Cambridge-based technology development company TTP says harnessing unused broadcast frequencies could accelerate...
the roll-out of low-cost wireless broadband in the UK.
Spectrum availability is one of the biggest challenges to wireless broadband services. Telecoms regulator Ofcom has sought to address the issue by making gaps or "white spaces" in the spectrum.
In November last year, Ofcom published proposals to make available for rural broadband the spectrum freed up by the digital TV switchover. Ofcom is now proposing mobile broadband devices use analogue frequencies freed up when FM radio goes digital.
TTP is a member of the white spaces consortium set up last month to undertake technology trials to explore how the unused TV spectrum can be harnessed for wireless broadband services. TTP has already established a 6km white space broadband link between its offices near Cambridge and premises in the rural village of Orwell.
"White space broadband offers a number of key benefits over traditional ADSL/optical fibre solutions," said Richard Walker, head of wireless at TTP.
As white space connections can achieve a practical range of up to 10km, compared with just 4km for typical wired ADSL connections, the cost of deployment will be significantly less than fibre over long distances. Richard Walker said this makes it ideal to connect un-served rural locations.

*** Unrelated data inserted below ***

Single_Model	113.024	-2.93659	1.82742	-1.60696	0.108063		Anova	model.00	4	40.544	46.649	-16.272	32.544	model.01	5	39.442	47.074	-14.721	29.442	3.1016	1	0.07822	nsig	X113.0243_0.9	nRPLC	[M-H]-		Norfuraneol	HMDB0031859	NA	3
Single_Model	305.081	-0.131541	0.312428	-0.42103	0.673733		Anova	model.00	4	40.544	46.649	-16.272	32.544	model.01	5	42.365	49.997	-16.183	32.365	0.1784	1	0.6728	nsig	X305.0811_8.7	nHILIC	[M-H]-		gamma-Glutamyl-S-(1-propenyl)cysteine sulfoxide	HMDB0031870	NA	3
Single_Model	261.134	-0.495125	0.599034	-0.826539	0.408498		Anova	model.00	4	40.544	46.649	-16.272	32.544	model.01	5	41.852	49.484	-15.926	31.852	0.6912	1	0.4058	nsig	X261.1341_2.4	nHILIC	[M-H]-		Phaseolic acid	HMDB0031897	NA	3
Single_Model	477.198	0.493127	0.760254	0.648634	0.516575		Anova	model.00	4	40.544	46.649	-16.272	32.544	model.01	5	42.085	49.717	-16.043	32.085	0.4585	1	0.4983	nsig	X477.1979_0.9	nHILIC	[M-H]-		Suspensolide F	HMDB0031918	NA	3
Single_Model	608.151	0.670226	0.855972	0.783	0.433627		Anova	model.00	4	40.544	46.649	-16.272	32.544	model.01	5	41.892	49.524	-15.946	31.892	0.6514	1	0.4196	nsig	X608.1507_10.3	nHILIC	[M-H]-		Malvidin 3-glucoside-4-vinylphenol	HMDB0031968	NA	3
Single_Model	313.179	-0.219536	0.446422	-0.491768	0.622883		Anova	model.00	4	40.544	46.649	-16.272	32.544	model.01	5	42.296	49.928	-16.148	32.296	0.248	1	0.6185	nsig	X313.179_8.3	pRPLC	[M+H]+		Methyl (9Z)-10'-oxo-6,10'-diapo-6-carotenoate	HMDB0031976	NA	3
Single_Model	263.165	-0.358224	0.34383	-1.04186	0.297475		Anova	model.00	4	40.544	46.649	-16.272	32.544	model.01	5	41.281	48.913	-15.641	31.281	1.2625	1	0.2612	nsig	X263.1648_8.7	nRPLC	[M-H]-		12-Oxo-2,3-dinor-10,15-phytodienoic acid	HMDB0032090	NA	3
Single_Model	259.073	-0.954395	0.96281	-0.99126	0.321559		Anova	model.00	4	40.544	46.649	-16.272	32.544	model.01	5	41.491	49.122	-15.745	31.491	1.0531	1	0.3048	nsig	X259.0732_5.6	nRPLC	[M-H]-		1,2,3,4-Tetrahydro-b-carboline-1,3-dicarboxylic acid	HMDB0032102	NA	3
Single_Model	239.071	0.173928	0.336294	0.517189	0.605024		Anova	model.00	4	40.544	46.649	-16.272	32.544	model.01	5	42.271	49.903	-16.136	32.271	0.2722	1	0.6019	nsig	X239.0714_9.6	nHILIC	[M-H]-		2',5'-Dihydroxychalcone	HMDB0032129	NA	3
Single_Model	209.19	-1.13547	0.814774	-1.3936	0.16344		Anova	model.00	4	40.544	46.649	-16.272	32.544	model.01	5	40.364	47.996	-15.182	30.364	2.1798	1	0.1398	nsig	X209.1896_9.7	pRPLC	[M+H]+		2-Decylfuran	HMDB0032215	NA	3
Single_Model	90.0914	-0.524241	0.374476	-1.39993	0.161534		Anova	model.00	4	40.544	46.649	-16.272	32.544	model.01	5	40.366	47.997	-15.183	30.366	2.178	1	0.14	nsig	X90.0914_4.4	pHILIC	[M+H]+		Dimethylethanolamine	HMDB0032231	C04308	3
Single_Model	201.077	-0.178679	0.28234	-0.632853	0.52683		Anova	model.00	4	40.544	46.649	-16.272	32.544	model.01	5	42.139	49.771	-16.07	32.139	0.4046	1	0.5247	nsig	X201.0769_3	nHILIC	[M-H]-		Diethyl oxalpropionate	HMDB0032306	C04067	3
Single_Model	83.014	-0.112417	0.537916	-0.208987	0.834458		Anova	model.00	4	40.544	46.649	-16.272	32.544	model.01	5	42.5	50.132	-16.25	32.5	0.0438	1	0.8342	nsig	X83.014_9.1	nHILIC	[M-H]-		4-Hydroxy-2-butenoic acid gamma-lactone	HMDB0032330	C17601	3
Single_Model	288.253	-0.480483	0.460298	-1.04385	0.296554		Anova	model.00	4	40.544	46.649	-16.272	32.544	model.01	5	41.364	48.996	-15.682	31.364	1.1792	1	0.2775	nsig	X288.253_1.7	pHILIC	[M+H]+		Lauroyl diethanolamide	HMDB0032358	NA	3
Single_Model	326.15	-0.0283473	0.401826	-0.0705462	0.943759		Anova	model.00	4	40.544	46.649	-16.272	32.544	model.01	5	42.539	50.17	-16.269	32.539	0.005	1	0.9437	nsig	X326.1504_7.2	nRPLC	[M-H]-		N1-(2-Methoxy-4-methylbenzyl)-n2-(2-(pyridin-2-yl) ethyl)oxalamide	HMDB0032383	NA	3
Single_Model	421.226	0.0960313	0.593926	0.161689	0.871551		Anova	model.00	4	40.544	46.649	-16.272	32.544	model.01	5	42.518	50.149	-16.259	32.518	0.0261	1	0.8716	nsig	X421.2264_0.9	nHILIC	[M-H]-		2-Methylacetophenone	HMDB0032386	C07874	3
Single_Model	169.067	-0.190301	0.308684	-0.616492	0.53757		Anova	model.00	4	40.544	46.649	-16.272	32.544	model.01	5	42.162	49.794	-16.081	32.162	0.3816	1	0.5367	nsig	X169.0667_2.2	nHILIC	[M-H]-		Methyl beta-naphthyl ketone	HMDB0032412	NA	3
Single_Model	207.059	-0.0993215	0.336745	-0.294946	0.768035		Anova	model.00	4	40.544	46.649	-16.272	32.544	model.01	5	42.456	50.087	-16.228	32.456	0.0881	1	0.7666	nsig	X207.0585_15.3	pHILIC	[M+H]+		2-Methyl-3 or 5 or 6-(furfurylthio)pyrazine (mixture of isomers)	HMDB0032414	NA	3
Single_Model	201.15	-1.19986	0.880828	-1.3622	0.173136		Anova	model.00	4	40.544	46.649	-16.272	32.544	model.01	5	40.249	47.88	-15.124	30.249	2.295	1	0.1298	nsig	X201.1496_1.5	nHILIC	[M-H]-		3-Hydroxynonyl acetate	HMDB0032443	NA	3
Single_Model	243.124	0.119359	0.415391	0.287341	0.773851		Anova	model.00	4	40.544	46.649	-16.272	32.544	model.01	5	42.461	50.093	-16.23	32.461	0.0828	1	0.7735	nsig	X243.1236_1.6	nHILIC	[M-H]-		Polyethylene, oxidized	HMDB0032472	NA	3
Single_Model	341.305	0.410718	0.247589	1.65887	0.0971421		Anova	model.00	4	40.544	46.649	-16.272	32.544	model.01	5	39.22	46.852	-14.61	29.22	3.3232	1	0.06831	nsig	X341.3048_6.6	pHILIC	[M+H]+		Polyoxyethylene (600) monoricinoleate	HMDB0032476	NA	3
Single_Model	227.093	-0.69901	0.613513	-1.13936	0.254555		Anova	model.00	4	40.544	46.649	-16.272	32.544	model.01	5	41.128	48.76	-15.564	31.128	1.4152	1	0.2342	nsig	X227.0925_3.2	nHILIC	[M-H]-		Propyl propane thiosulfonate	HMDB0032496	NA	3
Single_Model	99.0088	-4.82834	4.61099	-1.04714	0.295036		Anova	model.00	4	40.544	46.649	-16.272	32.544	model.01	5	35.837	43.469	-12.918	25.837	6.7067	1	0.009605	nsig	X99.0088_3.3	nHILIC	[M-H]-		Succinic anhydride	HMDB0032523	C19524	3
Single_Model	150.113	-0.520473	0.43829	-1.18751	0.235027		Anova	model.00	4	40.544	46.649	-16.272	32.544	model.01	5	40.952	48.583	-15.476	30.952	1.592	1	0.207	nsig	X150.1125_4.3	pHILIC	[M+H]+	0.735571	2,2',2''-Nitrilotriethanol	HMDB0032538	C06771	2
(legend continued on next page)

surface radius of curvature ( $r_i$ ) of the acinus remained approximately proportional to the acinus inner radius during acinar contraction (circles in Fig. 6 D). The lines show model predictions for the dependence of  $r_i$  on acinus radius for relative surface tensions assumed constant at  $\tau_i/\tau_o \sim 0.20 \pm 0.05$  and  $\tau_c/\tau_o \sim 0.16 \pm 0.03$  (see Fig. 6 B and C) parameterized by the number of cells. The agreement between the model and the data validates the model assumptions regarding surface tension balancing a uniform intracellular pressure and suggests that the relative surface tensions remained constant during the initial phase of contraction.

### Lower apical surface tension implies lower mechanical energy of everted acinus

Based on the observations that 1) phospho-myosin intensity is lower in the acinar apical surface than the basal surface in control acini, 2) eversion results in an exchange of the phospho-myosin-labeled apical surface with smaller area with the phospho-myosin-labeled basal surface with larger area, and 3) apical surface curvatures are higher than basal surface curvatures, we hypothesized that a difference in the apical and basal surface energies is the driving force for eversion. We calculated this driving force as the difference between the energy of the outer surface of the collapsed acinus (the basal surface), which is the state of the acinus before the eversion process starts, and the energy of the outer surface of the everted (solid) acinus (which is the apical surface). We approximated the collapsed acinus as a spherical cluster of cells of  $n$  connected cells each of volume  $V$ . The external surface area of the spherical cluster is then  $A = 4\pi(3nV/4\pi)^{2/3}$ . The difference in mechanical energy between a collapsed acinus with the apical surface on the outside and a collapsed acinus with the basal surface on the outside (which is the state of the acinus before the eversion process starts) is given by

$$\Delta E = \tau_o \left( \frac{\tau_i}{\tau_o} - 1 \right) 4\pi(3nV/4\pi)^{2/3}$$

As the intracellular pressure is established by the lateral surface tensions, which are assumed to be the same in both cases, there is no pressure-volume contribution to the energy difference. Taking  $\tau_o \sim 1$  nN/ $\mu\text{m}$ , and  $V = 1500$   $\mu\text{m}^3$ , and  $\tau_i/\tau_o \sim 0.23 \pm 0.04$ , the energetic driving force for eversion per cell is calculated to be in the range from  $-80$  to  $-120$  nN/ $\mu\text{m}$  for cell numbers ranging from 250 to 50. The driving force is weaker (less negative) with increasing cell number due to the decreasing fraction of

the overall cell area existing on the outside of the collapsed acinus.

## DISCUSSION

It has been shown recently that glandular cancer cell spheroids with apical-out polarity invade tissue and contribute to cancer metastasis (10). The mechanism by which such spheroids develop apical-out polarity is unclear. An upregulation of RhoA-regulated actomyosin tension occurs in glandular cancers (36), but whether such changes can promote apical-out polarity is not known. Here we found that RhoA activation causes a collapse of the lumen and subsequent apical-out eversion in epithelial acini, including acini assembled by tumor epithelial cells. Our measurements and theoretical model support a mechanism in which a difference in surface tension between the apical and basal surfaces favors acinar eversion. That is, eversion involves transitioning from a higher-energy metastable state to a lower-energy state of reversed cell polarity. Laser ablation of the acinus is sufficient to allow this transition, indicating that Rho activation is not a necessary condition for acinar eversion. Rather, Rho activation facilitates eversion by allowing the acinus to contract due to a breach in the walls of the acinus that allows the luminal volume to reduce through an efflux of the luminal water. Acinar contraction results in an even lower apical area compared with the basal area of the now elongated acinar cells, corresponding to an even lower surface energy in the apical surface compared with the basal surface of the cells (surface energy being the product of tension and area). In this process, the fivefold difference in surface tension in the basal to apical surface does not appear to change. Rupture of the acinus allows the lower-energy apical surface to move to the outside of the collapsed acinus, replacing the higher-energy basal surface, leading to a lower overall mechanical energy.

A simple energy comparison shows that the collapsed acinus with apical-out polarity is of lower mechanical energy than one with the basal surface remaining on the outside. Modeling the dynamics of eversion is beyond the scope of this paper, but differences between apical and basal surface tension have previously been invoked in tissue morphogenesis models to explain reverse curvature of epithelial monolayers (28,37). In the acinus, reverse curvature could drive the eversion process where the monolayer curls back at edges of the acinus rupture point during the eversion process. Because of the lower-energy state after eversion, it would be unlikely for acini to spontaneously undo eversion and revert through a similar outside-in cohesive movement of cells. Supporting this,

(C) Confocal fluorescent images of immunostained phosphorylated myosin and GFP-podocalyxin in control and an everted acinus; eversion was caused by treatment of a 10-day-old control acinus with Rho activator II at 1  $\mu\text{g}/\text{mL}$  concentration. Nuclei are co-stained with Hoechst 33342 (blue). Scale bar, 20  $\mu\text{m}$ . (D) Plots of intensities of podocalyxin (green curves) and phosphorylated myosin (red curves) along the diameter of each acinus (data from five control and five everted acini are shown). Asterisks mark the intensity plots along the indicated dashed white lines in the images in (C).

In addition, unlicensed white space spectrum does not have the very high cost burden of licensed spectrum, which enables high-performance, cost-effective commercial systems to be rolled out quickly using existing and emerging mass-market silicon platforms, Walker says.
One of the key technical challenges will be to guarantee there is no perceptible interference with licensed users.
According to Walker, this will require a sophisticated central database approach with heuristic learning and feedback mechanisms similar to those found in internet search engines that learn from the information users request and select.
TTP is developing technology to ensure the required level of self-learning is available for future white spaces database implementations.
The company is also exploring the use of white space spectrum for emergency service applications and smart grid machine-to-machine control and monitoring.
Using the white space available in TV spectrum is just the start, said Walker. Many of the same technologies can be adopted to harness other licensed spectrum allocations that are significantly underused.
Neul, another Cambridge start-up that is part of the white spaces consortium, estimates there is around 150MHz of unused spectrum in the UK, which is five times as much as Vodafone has for its 3G services, according to the BBC.
The technology aimed at harnessing the white spaces is expected to offer broadband speeds of around 16Mbps, but according to Neul, has the potential to be much faster.